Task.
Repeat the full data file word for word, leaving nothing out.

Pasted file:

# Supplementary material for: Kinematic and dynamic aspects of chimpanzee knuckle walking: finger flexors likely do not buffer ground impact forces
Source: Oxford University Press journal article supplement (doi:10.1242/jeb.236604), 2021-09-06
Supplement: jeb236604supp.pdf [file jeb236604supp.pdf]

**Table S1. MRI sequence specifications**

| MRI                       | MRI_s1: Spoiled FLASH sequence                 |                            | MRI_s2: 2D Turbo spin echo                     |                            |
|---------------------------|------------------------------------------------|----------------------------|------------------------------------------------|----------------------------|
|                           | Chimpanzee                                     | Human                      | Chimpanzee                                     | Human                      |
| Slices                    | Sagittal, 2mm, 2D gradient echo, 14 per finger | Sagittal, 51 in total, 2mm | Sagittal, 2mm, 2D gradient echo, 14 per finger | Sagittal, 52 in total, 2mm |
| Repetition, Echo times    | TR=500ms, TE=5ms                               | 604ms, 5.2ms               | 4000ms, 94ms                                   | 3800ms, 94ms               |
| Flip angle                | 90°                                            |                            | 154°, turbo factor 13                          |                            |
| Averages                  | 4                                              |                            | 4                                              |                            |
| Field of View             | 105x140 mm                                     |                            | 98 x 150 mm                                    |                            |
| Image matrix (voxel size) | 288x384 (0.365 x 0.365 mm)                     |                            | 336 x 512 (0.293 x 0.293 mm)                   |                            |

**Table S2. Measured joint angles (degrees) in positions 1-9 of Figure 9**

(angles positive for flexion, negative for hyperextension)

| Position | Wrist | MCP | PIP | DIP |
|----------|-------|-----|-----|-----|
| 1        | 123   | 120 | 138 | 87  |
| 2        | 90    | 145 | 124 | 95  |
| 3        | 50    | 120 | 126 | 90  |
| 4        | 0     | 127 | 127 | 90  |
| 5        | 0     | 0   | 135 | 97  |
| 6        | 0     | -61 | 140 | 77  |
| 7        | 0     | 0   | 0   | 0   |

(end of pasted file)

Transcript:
# Supplementary material for: Kinematic and dynamic aspects of chimpanzee knuckle walking: finger flexors likely do not buffer ground impact forces
Source: Oxford University Press journal article supplement (doi:10.1242/jeb.236604), 2021-09-06
Supplement: jeb236604supp.pdf [file jeb236604supp.pdf]

**Table S1. MRI sequence specifications**

| MRI                       | MRI_s1: Spoiled FLASH sequence                 |                            | MRI_s2: 2D Turbo spin echo                     |                            |
|---------------------------|------------------------------------------------|----------------------------|------------------------------------------------|----------------------------|
|                           | Chimpanzee                                     | Human                      | Chimpanzee                                     | Human                      |
| Slices                    | Sagittal, 2mm, 2D gradient echo, 14 per finger | Sagittal, 51 in total, 2mm | Sagittal, 2mm, 2D gradient echo, 14 per finger | Sagittal, 52 in total, 2mm |
| Repetition, Echo times    | TR=500ms, TE=5ms                               | 604ms, 5.2ms               | 4000ms, 94ms                                   | 3800ms, 94ms               |
| Flip angle                | 90°                                            |                            | 154°, turbo factor 13                          |                            |
| Averages                  | 4                                              |                            | 4                                              |                            |
| Field of View             | 105x140 mm                                     |                            | 98 x 150 mm                                    |                            |
| Image matrix (voxel size) | 288x384 (0.365 x 0.365 mm)                     |                            | 336 x 512 (0.293 x 0.293 mm)                   |                            |

**Table S2. Measured joint angles (degrees) in positions 1-9 of Figure 9**

(angles positive for flexion, negative for hyperextension)

| Position | Wrist | MCP | PIP | DIP |
|----------|-------|-----|-----|-----|
| 1        | 123   | 120 | 138 | 87  |
| 2        | 90    | 145 | 124 | 95  |
| 3        | 50    | 120 | 126 | 90  |
| 4        | 0     | 127 | 127 | 90  |
| 5        | 0     | 0   | 135 | 97  |
| 6        | 0     | -61 | 140 | 77  |
| 7        | 0     | 0   | 0   | 0   |